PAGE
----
- The Washington Times - Friday, December 15, 2006

Upbeat ‘80s music plays over the loudspeakers at the Rockville location of Tower Records, but they might as well be playing funeral hymns.

Things are looking bleak at the 46-year-old music retailer.

College students in sweatpants and middle-aged shoppers carry big stacks of CDs in their arms as they pass a sign that says, “If you don’t buy it now, it may not be here tomorrow.”

After 20 years on Rockville Pike, Tower Records in Rockville is closing Friday.

Everything in the store is being sold, the racks are nearly empty, and entire sections are cordoned off with yellow caution tape.

Even the fixtures are for sale. The large blue CD racks are going for $35 and the CD listening stations are being sold for $250.

When Max, an employee there, heard the location was closing, he thought it was about time.

“Honestly, I won’t really mind if it’s gone. The Internet is much better, whether you download music or buy CDs from Amazon.com,” he said. Max didn’t want to give his full name. He was hired about a month ago and was told that he would be helping to close down the store.

MTS Inc., the parent company of Tower Records, filed for bankruptcy protection in August 2004 and again in August 2006.

Two months later, the Great American Group, a corporate liquidation firm in Woodland Hills, Calif., bought the chain for an estimated $134 million at auction.

The next day, the company announced the liquidation of all Tower Records’ assets by the end of the year.

“I started coming here when I heard it was closing,” said Tzaldi Andoque, a young shopper in the DVD isle. “I don’t usually buy CDs. I get most of my music from ITunes because its more convenient.”

Tower Records has faced significant competition from online music download sites such as ITunes.com and online retailers such as Amazon.com.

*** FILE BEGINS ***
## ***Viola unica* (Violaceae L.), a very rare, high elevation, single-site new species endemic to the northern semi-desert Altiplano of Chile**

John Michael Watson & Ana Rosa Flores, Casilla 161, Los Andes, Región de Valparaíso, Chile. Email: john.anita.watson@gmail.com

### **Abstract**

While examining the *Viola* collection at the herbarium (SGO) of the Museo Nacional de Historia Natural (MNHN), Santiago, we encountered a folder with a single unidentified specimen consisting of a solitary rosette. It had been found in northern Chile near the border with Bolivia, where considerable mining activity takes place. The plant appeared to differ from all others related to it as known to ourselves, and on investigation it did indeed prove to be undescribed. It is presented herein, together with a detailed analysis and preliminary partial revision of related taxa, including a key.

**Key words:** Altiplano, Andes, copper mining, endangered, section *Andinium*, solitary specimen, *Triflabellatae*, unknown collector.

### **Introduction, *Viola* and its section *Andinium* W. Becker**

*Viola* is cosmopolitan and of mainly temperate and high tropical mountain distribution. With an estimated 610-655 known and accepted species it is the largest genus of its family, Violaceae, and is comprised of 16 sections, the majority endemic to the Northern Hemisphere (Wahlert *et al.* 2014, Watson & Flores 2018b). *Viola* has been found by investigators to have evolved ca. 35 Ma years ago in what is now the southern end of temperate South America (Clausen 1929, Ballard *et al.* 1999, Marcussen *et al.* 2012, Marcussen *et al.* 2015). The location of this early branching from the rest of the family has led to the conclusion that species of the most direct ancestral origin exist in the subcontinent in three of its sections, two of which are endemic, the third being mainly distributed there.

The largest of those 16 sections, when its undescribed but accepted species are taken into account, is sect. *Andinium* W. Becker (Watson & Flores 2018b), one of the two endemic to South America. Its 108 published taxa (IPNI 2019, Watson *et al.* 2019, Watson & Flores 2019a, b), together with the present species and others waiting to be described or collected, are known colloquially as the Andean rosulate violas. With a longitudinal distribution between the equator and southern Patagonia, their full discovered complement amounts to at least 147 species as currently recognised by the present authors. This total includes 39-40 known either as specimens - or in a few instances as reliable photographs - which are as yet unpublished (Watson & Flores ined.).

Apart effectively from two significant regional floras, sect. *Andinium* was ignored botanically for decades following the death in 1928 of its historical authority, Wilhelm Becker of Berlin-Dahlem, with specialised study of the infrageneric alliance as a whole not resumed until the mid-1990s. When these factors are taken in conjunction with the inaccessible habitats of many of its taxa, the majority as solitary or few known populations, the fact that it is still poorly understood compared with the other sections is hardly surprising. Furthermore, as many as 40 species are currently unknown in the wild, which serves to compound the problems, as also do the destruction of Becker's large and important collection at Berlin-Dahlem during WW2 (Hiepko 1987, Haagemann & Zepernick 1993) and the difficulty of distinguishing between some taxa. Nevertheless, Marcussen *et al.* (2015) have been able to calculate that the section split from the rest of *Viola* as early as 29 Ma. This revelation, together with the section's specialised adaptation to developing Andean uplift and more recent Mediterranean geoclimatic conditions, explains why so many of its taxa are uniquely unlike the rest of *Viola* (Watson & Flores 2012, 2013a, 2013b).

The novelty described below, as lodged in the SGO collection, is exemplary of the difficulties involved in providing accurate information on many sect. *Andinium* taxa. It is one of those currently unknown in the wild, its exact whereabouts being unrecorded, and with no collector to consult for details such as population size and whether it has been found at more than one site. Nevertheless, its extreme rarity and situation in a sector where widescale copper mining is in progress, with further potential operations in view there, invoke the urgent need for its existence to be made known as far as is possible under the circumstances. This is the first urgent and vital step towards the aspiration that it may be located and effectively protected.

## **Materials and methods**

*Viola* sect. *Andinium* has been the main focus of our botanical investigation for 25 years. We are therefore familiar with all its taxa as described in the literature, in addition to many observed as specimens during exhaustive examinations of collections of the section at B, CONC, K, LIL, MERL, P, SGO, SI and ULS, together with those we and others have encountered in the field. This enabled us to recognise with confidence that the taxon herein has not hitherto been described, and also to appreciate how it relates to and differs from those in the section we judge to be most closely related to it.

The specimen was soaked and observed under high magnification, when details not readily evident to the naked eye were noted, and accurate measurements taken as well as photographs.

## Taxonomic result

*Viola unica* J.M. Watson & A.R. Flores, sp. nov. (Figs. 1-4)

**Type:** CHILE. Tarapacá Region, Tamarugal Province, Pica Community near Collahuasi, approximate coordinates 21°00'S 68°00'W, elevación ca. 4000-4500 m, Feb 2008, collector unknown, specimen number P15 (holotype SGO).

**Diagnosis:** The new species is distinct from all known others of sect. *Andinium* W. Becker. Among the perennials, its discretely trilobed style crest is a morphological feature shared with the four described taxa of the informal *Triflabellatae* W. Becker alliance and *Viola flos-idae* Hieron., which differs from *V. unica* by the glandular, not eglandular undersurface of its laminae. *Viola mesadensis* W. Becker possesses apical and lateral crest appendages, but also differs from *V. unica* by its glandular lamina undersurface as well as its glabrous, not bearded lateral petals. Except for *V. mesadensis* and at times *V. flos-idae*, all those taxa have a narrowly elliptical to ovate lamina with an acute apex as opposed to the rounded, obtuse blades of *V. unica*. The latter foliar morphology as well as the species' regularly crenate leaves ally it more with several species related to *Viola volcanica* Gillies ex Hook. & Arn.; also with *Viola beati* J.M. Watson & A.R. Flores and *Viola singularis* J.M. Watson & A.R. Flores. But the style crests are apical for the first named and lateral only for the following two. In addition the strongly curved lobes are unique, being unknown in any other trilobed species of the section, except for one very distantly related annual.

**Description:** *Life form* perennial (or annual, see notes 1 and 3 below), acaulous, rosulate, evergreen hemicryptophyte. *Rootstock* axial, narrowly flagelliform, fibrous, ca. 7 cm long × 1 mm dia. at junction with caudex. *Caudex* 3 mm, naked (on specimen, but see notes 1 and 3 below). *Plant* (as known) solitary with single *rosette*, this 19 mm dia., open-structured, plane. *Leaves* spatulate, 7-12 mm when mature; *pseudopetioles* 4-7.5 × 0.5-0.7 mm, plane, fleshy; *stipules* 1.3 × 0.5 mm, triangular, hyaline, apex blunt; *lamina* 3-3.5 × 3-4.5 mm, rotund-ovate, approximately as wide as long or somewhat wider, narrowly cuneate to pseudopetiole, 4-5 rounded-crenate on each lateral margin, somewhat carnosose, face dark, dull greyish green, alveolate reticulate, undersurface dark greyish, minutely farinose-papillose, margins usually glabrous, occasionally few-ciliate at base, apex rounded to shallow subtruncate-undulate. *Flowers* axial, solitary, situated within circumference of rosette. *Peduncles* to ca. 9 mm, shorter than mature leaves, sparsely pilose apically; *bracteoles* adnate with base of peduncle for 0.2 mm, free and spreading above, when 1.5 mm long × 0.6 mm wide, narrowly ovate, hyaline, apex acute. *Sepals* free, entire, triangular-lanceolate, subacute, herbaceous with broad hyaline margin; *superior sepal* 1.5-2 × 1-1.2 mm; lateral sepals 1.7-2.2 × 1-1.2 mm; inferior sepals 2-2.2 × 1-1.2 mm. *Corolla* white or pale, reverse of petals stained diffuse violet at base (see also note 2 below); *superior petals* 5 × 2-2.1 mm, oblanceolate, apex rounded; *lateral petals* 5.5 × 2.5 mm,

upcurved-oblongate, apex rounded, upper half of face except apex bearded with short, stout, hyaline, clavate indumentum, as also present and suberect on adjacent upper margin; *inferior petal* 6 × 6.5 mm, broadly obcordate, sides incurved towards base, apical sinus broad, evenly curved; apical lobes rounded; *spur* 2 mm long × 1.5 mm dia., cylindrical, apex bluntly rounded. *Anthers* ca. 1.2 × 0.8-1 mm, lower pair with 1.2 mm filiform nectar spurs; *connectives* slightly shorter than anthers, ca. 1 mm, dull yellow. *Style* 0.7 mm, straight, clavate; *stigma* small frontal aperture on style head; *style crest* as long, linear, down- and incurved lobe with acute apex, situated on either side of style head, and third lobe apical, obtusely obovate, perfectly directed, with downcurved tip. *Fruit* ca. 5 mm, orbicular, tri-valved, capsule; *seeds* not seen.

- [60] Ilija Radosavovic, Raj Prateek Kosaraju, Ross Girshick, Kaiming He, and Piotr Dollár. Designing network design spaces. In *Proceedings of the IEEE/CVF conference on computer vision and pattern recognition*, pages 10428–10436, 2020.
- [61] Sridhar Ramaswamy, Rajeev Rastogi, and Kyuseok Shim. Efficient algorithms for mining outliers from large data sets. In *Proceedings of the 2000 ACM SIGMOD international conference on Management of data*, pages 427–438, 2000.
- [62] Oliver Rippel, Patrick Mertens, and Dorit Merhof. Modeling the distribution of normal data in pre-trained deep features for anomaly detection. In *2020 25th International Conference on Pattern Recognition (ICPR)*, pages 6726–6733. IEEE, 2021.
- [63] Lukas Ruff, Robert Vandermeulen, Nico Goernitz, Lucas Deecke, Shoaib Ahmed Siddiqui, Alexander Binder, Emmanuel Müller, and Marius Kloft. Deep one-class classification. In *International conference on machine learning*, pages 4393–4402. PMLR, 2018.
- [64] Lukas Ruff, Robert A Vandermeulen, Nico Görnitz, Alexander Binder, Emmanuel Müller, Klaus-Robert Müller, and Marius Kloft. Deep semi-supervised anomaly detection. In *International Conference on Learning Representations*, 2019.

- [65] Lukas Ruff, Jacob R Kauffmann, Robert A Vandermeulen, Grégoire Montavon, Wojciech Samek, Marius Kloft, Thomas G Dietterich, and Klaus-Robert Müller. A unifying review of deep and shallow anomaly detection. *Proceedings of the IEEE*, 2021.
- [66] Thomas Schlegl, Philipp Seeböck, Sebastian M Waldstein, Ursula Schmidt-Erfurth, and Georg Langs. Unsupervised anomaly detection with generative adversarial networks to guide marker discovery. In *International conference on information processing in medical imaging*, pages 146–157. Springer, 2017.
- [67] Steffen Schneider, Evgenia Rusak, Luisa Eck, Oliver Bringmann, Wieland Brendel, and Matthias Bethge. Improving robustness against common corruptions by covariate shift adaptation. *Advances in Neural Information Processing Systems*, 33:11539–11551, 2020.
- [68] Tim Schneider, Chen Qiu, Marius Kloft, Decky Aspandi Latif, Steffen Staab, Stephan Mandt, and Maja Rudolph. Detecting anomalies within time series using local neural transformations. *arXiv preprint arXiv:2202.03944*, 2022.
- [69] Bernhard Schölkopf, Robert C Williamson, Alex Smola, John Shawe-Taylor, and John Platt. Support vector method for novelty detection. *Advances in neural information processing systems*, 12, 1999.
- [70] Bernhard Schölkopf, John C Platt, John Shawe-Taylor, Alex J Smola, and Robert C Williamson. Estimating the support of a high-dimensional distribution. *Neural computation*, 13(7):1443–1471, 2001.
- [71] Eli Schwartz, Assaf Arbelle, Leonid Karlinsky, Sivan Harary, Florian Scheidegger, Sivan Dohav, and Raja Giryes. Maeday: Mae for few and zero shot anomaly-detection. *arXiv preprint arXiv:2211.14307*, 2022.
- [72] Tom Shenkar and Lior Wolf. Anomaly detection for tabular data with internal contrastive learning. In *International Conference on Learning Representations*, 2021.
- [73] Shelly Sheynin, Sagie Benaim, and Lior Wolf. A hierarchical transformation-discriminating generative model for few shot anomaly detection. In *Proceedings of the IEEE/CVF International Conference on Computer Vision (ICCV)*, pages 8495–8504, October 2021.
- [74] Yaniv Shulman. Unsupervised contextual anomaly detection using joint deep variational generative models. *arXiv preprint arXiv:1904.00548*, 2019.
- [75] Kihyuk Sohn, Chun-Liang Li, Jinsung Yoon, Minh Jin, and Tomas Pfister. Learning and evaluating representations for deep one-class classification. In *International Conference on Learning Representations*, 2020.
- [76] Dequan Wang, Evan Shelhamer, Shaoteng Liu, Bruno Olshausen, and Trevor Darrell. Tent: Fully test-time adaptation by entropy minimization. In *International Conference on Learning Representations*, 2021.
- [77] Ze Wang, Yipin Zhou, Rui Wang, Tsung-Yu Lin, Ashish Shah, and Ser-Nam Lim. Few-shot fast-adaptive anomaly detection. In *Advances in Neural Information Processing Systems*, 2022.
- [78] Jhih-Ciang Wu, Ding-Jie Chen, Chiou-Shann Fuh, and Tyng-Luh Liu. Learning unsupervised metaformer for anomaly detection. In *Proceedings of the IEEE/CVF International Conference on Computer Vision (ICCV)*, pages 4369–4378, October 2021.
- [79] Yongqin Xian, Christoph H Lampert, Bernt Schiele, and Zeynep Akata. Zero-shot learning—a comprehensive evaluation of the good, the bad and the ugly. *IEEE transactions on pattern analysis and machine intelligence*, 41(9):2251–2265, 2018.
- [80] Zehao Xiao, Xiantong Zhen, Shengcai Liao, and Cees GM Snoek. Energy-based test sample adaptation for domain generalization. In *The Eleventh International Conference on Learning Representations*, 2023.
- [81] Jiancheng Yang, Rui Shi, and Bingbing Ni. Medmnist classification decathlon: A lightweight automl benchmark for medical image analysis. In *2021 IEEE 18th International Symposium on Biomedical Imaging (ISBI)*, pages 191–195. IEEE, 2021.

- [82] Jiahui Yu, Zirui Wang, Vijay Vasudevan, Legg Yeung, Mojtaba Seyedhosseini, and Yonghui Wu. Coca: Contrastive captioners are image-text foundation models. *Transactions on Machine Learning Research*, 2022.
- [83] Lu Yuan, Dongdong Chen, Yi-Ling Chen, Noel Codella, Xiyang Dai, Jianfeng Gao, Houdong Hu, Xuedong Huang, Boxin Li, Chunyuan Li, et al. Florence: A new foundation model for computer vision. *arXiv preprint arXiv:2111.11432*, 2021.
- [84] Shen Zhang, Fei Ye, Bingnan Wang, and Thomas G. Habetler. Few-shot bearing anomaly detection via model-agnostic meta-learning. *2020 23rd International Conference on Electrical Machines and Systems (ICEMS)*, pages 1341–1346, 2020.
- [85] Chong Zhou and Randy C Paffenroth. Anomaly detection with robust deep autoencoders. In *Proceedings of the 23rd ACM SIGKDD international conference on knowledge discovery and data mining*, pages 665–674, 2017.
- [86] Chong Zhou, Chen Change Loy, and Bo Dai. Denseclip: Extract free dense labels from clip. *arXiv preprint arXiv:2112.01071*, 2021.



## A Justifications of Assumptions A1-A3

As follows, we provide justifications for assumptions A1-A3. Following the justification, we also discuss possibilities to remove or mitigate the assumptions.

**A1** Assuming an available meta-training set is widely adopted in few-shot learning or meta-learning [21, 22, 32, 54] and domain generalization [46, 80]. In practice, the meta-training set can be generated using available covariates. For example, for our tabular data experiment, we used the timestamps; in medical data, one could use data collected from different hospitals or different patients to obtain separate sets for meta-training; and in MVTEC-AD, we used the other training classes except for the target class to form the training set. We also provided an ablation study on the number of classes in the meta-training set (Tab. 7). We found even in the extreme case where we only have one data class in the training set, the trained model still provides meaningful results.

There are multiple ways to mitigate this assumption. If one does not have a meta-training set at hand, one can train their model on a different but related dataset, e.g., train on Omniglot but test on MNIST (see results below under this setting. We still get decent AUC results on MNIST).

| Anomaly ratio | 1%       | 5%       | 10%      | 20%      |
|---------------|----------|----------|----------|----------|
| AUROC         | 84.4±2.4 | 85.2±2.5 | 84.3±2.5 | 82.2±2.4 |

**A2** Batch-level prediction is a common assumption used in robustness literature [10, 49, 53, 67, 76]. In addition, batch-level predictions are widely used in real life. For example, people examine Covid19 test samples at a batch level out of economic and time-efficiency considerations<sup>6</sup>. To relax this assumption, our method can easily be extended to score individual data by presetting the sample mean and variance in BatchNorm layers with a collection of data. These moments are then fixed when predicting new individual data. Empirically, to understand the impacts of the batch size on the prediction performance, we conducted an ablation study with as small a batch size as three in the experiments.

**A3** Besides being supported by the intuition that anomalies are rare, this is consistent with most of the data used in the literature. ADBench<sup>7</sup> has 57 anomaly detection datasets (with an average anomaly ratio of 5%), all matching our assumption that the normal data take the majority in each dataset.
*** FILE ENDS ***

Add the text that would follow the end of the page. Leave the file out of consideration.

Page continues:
“I would only go to a CD shop if I wanted to buy a present for a friend that didn’t have an ITunes account,” she said.

Still, others lament the loss of the music institution.

Phil Stevens, a computer programmer from Fairfax, says he’s going to miss his favorite CD shop.

“I liked Tower because they had some of the biggest varieties of music out there,” he said. “They had CDs that I couldn’t find anywhere else except for really niche music stores or Web sites.”

Mr. Stevens is a dedicated compact disk consumer, and says he is proud that he doesn’t own an IPod.

“I hate MP3s. The quality of sound is important to me when I listen to music, and MP3s don’t have the kind of quality I desire.”

MP3s are digital audio files that are commonly used by consumers who download and share digital music.

“I guess digital music is the wave of the future,” Mr. Stevens said. “People don’t care that they are not buying something tangible, like a CD.”

Mr. Stevens admitted, though, that he had problems with Tower.

“I will admit that their prices were kind of high. In the ‘90s I used to come here every two months and spend $100 on CDs. But when their prices started going from $15 to $26, that’s when I started cutting back on CDs.

“The liquidation of Tower Records is just another shovel of dirt on the grave.”



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